It's a significant loss to the game quality.

Robots now have separate start spots on a start board that's put next to the main board. The start spots are sort-of sometimes almost balanced, but not really.

If you are retrieving an archive copy of your robot but the space is occupied, you get to choose an adjacant space to start in instead.

yuk
 
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Peter Schott
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What a stupid rules change.
Another reason not to buy the new version.

BTW, I love your Avatar. (But I favour Twitch.)
 
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Jon Grantham
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Quote:
It seems somebody was offended by "virtual" robots.


Yes, that somebody was Richard Garfield. See http://www.gamersalliance.com/Winter%202006/interviewrichard...
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Rik Van Horn
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There's no reason not to buy the new edition. Just don't use the docking bay and make a few virtual counters. Easily done.
Apparently Garfield wants the game accessible to Risk players. An admirable goal, but doomed to failure.
 
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Aaron Gelb
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So how exactly did the virtual robots work?
 
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Mark McEvoy
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asgelb wrote:
So how exactly did the virtual robots work?


All robots started on the same space, in 'virtual' mode (cardboard counters with a clearly-identifiable facing are used to represent virtual robots). Robots in virtual mode cannot affect or be affected by other robots, virtual or real - they do not push or get pushed by other robots, they cannot fire weapons at other robots or be fired upon by other robots... but board elements DO affect them (board lasers hurt; conveyors move; pits and crushers kill, etc). At the end of any TURN (not phase, TURN) in which a virtual robot is standing alone, the virtual robot counter is removed from the board replaced with the 'real' robot figurine.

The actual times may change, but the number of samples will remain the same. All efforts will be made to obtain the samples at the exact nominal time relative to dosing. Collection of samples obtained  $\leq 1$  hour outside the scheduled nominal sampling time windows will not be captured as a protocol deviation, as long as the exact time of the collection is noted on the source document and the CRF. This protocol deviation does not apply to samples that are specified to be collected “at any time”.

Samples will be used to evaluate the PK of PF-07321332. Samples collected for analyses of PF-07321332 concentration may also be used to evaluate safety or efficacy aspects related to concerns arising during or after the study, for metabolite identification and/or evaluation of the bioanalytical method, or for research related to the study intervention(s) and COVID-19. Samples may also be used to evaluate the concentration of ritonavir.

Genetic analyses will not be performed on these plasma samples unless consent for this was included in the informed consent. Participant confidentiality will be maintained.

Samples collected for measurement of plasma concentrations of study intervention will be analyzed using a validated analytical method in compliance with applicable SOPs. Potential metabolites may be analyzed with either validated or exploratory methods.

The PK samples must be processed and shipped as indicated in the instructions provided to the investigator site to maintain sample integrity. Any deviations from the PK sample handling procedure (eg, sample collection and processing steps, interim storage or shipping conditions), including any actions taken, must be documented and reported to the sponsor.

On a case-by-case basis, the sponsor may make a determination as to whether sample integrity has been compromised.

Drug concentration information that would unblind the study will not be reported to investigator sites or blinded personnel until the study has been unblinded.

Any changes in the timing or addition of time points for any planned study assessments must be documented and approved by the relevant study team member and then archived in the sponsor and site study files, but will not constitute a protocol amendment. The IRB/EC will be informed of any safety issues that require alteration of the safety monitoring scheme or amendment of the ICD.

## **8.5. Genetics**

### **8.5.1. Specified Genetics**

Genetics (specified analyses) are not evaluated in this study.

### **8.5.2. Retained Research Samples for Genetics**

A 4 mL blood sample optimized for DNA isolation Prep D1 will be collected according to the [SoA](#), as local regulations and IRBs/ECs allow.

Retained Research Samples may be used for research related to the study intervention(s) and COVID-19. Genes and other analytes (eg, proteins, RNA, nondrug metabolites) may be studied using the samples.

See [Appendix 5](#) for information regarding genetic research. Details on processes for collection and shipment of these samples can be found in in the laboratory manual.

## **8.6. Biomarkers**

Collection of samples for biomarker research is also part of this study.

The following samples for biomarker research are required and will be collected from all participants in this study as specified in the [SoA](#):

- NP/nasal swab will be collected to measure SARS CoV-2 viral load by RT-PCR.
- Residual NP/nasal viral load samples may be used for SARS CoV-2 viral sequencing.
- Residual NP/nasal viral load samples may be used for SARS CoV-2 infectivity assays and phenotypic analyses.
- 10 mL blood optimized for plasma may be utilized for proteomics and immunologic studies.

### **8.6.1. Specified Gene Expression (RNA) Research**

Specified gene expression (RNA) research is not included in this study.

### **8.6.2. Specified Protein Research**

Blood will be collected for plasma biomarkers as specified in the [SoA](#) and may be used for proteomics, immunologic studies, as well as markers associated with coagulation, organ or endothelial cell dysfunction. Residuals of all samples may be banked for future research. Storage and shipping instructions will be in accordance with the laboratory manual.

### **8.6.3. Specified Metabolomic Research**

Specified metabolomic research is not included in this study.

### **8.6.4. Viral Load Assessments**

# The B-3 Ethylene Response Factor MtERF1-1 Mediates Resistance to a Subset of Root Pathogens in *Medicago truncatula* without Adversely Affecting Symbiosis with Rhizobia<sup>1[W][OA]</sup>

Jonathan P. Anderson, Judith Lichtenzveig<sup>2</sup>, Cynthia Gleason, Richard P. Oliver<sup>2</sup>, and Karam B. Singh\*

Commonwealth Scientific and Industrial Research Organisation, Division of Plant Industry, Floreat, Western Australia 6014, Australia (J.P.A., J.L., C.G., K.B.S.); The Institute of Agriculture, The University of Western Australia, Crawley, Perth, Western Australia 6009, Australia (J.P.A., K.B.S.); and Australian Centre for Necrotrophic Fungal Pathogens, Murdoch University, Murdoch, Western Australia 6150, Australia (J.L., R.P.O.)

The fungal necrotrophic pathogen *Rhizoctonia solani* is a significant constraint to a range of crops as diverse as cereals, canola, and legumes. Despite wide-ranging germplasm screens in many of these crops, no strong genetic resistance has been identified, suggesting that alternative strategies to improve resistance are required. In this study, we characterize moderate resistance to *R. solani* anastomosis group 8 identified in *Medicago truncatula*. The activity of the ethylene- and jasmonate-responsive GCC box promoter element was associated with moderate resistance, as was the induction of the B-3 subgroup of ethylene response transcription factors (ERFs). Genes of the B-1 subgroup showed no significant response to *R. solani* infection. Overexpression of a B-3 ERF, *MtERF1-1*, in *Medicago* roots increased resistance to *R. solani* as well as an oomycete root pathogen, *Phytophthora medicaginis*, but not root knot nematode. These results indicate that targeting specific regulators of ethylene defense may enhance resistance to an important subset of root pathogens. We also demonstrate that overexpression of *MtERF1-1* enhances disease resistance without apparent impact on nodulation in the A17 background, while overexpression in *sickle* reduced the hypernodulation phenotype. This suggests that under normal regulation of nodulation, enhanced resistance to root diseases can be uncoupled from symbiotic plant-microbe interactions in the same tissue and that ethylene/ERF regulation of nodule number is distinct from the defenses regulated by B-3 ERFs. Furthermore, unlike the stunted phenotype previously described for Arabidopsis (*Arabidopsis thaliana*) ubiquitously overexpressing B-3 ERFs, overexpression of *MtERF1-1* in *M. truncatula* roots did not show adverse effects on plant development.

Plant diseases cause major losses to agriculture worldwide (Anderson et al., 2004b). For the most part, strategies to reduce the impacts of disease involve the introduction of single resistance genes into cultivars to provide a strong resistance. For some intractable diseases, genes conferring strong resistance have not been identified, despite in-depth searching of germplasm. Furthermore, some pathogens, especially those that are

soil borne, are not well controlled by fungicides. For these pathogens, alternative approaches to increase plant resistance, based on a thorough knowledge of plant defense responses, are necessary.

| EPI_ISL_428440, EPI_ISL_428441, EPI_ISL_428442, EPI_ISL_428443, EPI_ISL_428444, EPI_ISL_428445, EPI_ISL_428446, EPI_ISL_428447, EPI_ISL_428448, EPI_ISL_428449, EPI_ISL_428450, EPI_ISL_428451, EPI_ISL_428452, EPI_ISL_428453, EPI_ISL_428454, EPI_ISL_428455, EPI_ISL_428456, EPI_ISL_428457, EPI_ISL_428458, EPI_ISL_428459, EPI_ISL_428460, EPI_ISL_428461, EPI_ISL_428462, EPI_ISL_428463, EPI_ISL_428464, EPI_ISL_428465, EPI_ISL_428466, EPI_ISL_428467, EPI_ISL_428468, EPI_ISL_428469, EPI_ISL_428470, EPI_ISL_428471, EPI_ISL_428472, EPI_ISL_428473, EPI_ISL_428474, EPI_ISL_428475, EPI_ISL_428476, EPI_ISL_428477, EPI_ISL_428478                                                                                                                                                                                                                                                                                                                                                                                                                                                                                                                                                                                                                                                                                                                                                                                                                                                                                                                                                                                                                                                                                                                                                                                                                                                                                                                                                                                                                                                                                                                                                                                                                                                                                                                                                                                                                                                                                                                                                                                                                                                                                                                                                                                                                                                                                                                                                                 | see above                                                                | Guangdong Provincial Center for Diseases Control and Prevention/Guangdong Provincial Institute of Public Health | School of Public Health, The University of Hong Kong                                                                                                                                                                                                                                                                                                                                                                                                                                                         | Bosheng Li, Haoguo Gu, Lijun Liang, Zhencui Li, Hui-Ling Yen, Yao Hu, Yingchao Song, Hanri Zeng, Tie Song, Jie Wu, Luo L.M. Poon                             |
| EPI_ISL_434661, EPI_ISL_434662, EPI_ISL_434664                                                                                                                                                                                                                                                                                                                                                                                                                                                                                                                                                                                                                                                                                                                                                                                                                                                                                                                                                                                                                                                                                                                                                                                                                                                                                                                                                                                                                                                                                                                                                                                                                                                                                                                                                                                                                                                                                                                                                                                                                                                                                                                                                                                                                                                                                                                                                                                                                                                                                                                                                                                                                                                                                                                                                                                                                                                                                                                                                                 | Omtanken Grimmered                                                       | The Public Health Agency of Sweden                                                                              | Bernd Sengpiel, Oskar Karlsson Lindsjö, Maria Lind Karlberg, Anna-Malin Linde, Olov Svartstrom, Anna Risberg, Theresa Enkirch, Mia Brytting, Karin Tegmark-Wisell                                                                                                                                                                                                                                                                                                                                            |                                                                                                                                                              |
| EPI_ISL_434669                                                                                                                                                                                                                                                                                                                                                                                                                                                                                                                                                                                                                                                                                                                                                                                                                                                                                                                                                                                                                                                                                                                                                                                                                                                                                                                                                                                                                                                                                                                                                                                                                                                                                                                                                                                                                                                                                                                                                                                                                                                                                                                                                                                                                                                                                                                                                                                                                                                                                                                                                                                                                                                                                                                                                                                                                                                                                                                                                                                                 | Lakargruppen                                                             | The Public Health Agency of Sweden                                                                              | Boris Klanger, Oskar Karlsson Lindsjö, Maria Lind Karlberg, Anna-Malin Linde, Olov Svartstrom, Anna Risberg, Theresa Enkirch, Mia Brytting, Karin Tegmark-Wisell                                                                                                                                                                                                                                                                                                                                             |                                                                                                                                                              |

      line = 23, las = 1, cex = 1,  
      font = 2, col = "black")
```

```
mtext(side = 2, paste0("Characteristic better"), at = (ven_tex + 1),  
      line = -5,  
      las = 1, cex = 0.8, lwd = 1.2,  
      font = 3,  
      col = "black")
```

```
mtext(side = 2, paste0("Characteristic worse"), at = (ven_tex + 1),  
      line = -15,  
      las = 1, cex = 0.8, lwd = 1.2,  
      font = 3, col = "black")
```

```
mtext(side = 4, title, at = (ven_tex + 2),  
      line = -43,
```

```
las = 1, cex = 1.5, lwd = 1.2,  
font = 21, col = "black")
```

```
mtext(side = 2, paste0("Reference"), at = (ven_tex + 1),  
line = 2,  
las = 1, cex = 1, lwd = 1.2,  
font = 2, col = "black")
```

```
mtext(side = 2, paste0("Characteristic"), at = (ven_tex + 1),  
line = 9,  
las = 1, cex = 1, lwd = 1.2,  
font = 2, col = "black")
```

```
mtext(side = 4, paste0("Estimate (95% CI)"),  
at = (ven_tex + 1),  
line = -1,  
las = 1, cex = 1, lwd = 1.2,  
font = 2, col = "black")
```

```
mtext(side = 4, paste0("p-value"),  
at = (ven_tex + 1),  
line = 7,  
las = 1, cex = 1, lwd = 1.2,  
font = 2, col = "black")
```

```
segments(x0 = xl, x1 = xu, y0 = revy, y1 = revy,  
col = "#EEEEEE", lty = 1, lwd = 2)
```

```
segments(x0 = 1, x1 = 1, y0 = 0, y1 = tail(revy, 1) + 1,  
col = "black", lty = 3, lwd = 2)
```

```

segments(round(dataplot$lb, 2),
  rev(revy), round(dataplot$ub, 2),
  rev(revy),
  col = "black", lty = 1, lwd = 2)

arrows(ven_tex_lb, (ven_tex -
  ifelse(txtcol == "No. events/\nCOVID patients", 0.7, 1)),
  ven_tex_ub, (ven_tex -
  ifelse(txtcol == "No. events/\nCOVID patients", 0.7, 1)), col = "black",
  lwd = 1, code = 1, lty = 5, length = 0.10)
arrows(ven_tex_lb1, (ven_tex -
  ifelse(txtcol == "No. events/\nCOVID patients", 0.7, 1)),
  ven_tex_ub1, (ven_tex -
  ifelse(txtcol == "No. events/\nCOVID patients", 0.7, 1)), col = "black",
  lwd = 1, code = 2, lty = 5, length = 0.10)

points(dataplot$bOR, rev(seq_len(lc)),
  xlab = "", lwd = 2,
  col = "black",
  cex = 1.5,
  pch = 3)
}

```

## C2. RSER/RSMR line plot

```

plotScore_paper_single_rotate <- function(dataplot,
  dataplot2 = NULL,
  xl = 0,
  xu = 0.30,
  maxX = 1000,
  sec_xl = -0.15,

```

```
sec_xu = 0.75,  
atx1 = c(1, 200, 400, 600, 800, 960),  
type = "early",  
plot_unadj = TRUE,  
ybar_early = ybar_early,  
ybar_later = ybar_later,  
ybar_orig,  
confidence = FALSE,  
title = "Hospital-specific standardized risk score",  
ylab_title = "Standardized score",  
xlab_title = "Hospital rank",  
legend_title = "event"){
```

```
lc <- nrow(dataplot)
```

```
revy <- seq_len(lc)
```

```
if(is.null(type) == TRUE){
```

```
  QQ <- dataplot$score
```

If a robot dies, at the start of the next turn it comes back to its last archive location (with two points of damage, naturally). If that location is vacant (no other robot there, and no other robots also trying to withdraw an archive copy there) the robot comes back 'real'. If there is already a robot there, the coming-back robot comes back in virtual mode. If there is more than one robot trying to withdraw an archive copy in the same space, all of them come back in virtual mode.
 
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Rik Van Horn
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asgelb wrote:
So how exactly did the virtual robots work?

Any time two or more robots satrt the game or return as archive copies they are "virtual."
This means they do not interact with any other robots. No laser fire, no pushing, no affects from options etc.
However, they ARE affected by all board elements.

Here's the process by which the game begins with virtual robots.
Each player selects their opening facing using paper counters that make stacking simple.